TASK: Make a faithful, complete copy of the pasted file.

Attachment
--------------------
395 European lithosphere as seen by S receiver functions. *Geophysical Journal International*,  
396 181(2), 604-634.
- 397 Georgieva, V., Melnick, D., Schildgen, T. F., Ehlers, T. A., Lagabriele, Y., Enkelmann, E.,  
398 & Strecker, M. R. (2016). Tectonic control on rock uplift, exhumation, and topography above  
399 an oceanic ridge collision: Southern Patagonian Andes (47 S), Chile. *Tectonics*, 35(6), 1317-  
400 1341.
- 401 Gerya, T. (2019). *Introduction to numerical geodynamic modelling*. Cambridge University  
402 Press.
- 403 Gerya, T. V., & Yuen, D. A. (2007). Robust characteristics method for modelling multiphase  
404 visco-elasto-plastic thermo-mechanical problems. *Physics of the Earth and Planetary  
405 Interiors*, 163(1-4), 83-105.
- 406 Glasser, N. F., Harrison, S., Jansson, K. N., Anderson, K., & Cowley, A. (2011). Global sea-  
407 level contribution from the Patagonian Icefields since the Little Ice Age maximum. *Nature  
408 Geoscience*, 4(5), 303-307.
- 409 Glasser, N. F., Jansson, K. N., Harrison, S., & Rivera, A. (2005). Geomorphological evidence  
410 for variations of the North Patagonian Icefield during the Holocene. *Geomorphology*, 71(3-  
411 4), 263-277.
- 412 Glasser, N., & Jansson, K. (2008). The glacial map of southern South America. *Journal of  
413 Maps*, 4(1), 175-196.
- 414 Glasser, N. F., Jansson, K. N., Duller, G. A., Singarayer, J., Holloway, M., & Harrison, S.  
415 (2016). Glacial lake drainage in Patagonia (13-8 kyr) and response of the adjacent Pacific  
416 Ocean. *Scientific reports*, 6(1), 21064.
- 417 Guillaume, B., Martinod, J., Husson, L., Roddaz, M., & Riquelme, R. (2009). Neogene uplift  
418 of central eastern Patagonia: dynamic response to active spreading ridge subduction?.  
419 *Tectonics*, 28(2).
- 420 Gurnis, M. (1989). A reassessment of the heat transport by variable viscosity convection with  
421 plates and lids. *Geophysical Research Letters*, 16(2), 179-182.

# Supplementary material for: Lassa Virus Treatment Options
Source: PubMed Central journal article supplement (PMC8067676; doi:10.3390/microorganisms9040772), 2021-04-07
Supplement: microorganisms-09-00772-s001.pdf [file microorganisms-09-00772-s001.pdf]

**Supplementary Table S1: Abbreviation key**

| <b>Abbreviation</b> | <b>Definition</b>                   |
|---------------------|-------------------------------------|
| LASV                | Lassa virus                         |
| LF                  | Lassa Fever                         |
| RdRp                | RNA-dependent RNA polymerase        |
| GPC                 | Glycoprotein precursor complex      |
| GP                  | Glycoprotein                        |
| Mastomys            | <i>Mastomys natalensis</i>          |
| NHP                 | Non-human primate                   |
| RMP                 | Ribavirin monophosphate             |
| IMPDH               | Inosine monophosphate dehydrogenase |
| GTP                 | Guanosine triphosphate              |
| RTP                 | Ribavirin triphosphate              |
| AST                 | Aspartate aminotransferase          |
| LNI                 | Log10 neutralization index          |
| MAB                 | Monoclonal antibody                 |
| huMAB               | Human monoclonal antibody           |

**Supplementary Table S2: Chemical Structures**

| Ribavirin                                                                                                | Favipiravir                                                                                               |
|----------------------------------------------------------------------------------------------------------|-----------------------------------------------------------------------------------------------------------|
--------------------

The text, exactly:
395 European lithosphere as seen by S receiver functions. *Geophysical Journal International*,  
396 181(2), 604-634.
- 397 Georgieva, V., Melnick, D., Schildgen, T. F., Ehlers, T. A., Lagabriele, Y., Enkelmann, E.,  
398 & Strecker, M. R. (2016). Tectonic control on rock uplift, exhumation, and topography above  
399 an oceanic ridge collision: Southern Patagonian Andes (47 S), Chile. *Tectonics*, 35(6), 1317-  
400 1341.
- 401 Gerya, T. (2019). *Introduction to numerical geodynamic modelling*. Cambridge University  
402 Press.
- 403 Gerya, T. V., & Yuen, D. A. (2007). Robust characteristics method for modelling multiphase  
404 visco-elasto-plastic thermo-mechanical problems. *Physics of the Earth and Planetary  
405 Interiors*, 163(1-4), 83-105.
- 406 Glasser, N. F., Harrison, S., Jansson, K. N., Anderson, K., & Cowley, A. (2011). Global sea-  
407 level contribution from the Patagonian Icefields since the Little Ice Age maximum. *Nature  
408 Geoscience*, 4(5), 303-307.
- 409 Glasser, N. F., Jansson, K. N., Harrison, S., & Rivera, A. (2005). Geomorphological evidence  
410 for variations of the North Patagonian Icefield during the Holocene. *Geomorphology*, 71(3-  
411 4), 263-277.
- 412 Glasser, N., & Jansson, K. (2008). The glacial map of southern South America. *Journal of  
413 Maps*, 4(1), 175-196.
- 414 Glasser, N. F., Jansson, K. N., Duller, G. A., Singarayer, J., Holloway, M., & Harrison, S.  
415 (2016). Glacial lake drainage in Patagonia (13-8 kyr) and response of the adjacent Pacific  
416 Ocean. *Scientific reports*, 6(1), 21064.
- 417 Guillaume, B., Martinod, J., Husson, L., Roddaz, M., & Riquelme, R. (2009). Neogene uplift  
418 of central eastern Patagonia: dynamic response to active spreading ridge subduction?.  
419 *Tectonics*, 28(2).
- 420 Gurnis, M. (1989). A reassessment of the heat transport by variable viscosity convection with  
421 plates and lids. *Geophysical Research Letters*, 16(2), 179-182.

# Supplementary material for: Lassa Virus Treatment Options
Source: PubMed Central journal article supplement (PMC8067676; doi:10.3390/microorganisms9040772), 2021-04-07
Supplement: microorganisms-09-00772-s001.pdf [file microorganisms-09-00772-s001.pdf]

**Supplementary Table S1: Abbreviation key**

| <b>Abbreviation</b> | <b>Definition</b>                   |
|---------------------|-------------------------------------|
| LASV                | Lassa virus                         |
| LF                  | Lassa Fever                         |
| RdRp                | RNA-dependent RNA polymerase        |
| GPC                 | Glycoprotein precursor complex      |
| GP                  | Glycoprotein                        |
| Mastomys            | <i>Mastomys natalensis</i>          |
| NHP                 | Non-human primate                   |
| RMP                 | Ribavirin monophosphate             |
| IMPDH               | Inosine monophosphate dehydrogenase |
| GTP                 | Guanosine triphosphate              |
| RTP                 | Ribavirin triphosphate              |
| AST                 | Aspartate aminotransferase          |
| LNI                 | Log10 neutralization index          |
| MAB                 | Monoclonal antibody                 |
| huMAB               | Human monoclonal antibody           |

**Supplementary Table S2: Chemical Structures**

| Ribavirin                                                                                                | Favipiravir                                                                                               |
|----------------------------------------------------------------------------------------------------------|-----------------------------------------------------------------------------------------------------------|